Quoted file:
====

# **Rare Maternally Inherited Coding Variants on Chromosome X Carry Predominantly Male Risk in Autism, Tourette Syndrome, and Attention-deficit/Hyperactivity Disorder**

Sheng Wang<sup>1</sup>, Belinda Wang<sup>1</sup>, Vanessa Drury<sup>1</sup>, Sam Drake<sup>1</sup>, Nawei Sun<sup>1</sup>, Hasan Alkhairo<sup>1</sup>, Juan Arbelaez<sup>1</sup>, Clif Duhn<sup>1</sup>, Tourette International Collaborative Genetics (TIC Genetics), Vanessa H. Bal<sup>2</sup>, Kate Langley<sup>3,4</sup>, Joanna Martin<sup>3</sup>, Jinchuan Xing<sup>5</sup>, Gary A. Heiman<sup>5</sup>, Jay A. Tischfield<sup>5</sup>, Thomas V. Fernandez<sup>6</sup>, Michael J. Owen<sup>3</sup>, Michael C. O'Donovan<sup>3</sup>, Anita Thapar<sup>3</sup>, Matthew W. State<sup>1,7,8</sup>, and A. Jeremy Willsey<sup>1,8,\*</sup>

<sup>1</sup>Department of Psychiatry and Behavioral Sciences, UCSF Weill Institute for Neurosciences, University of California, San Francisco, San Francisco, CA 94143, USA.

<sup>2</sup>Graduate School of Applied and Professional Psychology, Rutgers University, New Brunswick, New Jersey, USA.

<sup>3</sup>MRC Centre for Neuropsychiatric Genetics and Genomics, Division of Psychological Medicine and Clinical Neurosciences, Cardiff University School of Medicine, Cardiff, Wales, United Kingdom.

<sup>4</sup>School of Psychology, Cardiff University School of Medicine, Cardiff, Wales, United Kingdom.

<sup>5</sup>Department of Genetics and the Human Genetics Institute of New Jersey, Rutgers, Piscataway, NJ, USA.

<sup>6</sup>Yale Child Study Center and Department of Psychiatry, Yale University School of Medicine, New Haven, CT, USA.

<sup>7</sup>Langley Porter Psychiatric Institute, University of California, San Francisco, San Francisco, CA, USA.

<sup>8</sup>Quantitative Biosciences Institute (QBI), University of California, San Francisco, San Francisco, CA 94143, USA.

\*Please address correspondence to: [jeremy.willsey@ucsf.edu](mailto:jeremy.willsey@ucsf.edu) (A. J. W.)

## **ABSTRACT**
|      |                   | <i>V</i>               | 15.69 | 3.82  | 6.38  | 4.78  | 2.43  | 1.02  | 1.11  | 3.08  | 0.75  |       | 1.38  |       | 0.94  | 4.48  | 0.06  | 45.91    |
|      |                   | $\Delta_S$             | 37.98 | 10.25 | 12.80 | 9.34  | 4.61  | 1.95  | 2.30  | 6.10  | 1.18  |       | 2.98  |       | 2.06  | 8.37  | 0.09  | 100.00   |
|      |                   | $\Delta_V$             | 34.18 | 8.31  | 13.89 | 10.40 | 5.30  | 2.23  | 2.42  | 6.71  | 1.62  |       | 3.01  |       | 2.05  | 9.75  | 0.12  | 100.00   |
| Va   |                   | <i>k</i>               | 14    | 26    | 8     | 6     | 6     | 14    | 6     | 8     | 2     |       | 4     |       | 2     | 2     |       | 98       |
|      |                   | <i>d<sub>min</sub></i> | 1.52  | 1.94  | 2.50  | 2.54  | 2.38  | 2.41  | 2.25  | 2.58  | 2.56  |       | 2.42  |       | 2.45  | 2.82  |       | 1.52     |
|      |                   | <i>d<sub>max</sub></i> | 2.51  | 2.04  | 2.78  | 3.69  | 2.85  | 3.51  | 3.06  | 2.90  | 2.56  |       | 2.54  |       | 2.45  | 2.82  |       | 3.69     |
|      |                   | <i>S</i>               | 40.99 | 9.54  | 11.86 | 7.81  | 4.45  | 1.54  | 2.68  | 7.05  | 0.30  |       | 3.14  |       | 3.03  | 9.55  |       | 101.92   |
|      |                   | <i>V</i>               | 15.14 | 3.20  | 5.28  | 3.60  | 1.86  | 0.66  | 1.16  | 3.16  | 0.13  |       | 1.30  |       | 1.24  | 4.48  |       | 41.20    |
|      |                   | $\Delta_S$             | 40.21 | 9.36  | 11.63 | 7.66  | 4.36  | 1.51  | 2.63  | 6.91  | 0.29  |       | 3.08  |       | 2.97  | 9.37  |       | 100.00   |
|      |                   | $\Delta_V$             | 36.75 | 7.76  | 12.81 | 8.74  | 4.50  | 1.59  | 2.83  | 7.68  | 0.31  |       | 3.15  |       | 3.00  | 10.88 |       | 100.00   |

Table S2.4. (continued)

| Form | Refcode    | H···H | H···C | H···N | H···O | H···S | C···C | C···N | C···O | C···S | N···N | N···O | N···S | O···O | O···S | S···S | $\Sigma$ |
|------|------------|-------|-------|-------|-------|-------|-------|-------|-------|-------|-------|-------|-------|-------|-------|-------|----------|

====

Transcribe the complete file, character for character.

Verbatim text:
# **Rare Maternally Inherited Coding Variants on Chromosome X Carry Predominantly Male Risk in Autism, Tourette Syndrome, and Attention-deficit/Hyperactivity Disorder**

Sheng Wang<sup>1</sup>, Belinda Wang<sup>1</sup>, Vanessa Drury<sup>1</sup>, Sam Drake<sup>1</sup>, Nawei Sun<sup>1</sup>, Hasan Alkhairo<sup>1</sup>, Juan Arbelaez<sup>1</sup>, Clif Duhn<sup>1</sup>, Tourette International Collaborative Genetics (TIC Genetics), Vanessa H. Bal<sup>2</sup>, Kate Langley<sup>3,4</sup>, Joanna Martin<sup>3</sup>, Jinchuan Xing<sup>5</sup>, Gary A. Heiman<sup>5</sup>, Jay A. Tischfield<sup>5</sup>, Thomas V. Fernandez<sup>6</sup>, Michael J. Owen<sup>3</sup>, Michael C. O'Donovan<sup>3</sup>, Anita Thapar<sup>3</sup>, Matthew W. State<sup>1,7,8</sup>, and A. Jeremy Willsey<sup>1,8,\*</sup>

<sup>1</sup>Department of Psychiatry and Behavioral Sciences, UCSF Weill Institute for Neurosciences, University of California, San Francisco, San Francisco, CA 94143, USA.

<sup>2</sup>Graduate School of Applied and Professional Psychology, Rutgers University, New Brunswick, New Jersey, USA.

<sup>3</sup>MRC Centre for Neuropsychiatric Genetics and Genomics, Division of Psychological Medicine and Clinical Neurosciences, Cardiff University School of Medicine, Cardiff, Wales, United Kingdom.

<sup>4</sup>School of Psychology, Cardiff University School of Medicine, Cardiff, Wales, United Kingdom.

<sup>5</sup>Department of Genetics and the Human Genetics Institute of New Jersey, Rutgers, Piscataway, NJ, USA.

<sup>6</sup>Yale Child Study Center and Department of Psychiatry, Yale University School of Medicine, New Haven, CT, USA.

<sup>7</sup>Langley Porter Psychiatric Institute, University of California, San Francisco, San Francisco, CA, USA.

<sup>8</sup>Quantitative Biosciences Institute (QBI), University of California, San Francisco, San Francisco, CA 94143, USA.

\*Please address correspondence to: [jeremy.willsey@ucsf.edu](mailto:jeremy.willsey@ucsf.edu) (A. J. W.)

## **ABSTRACT**
|      |                   | <i>V</i>               | 15.69 | 3.82  | 6.38  | 4.78  | 2.43  | 1.02  | 1.11  | 3.08  | 0.75  |       | 1.38  |       | 0.94  | 4.48  | 0.06  | 45.91    |
|      |                   | $\Delta_S$             | 37.98 | 10.25 | 12.80 | 9.34  | 4.61  | 1.95  | 2.30  | 6.10  | 1.18  |       | 2.98  |       | 2.06  | 8.37  | 0.09  | 100.00   |
|      |                   | $\Delta_V$             | 34.18 | 8.31  | 13.89 | 10.40 | 5.30  | 2.23  | 2.42  | 6.71  | 1.62  |       | 3.01  |       | 2.05  | 9.75  | 0.12  | 100.00   |
| Va   |                   | <i>k</i>               | 14    | 26    | 8     | 6     | 6     | 14    | 6     | 8     | 2     |       | 4     |       | 2     | 2     |       | 98       |
|      |                   | <i>d<sub>min</sub></i> | 1.52  | 1.94  | 2.50  | 2.54  | 2.38  | 2.41  | 2.25  | 2.58  | 2.56  |       | 2.42  |       | 2.45  | 2.82  |       | 1.52     |
|      |                   | <i>d<sub>max</sub></i> | 2.51  | 2.04  | 2.78  | 3.69  | 2.85  | 3.51  | 3.06  | 2.90  | 2.56  |       | 2.54  |       | 2.45  | 2.82  |       | 3.69     |
|      |                   | <i>S</i>               | 40.99 | 9.54  | 11.86 | 7.81  | 4.45  | 1.54  | 2.68  | 7.05  | 0.30  |       | 3.14  |       | 3.03  | 9.55  |       | 101.92   |
|      |                   | <i>V</i>               | 15.14 | 3.20  | 5.28  | 3.60  | 1.86  | 0.66  | 1.16  | 3.16  | 0.13  |       | 1.30  |       | 1.24  | 4.48  |       | 41.20    |
|      |                   | $\Delta_S$             | 40.21 | 9.36  | 11.63 | 7.66  | 4.36  | 1.51  | 2.63  | 6.91  | 0.29  |       | 3.08  |       | 2.97  | 9.37  |       | 100.00   |
|      |                   | $\Delta_V$             | 36.75 | 7.76  | 12.81 | 8.74  | 4.50  | 1.59  | 2.83  | 7.68  | 0.31  |       | 3.15  |       | 3.00  | 10.88 |       | 100.00   |

Table S2.4. (continued)

| Form | Refcode    | H···H | H···C | H···N | H···O | H···S | C···C | C···N | C···O | C···S | N···N | N···O | N···S | O···O | O···S | S···S | $\Sigma$ |
|------|------------|-------|-------|-------|-------|-------|-------|-------|-------|-------|-------|-------|-------|-------|-------|-------|----------|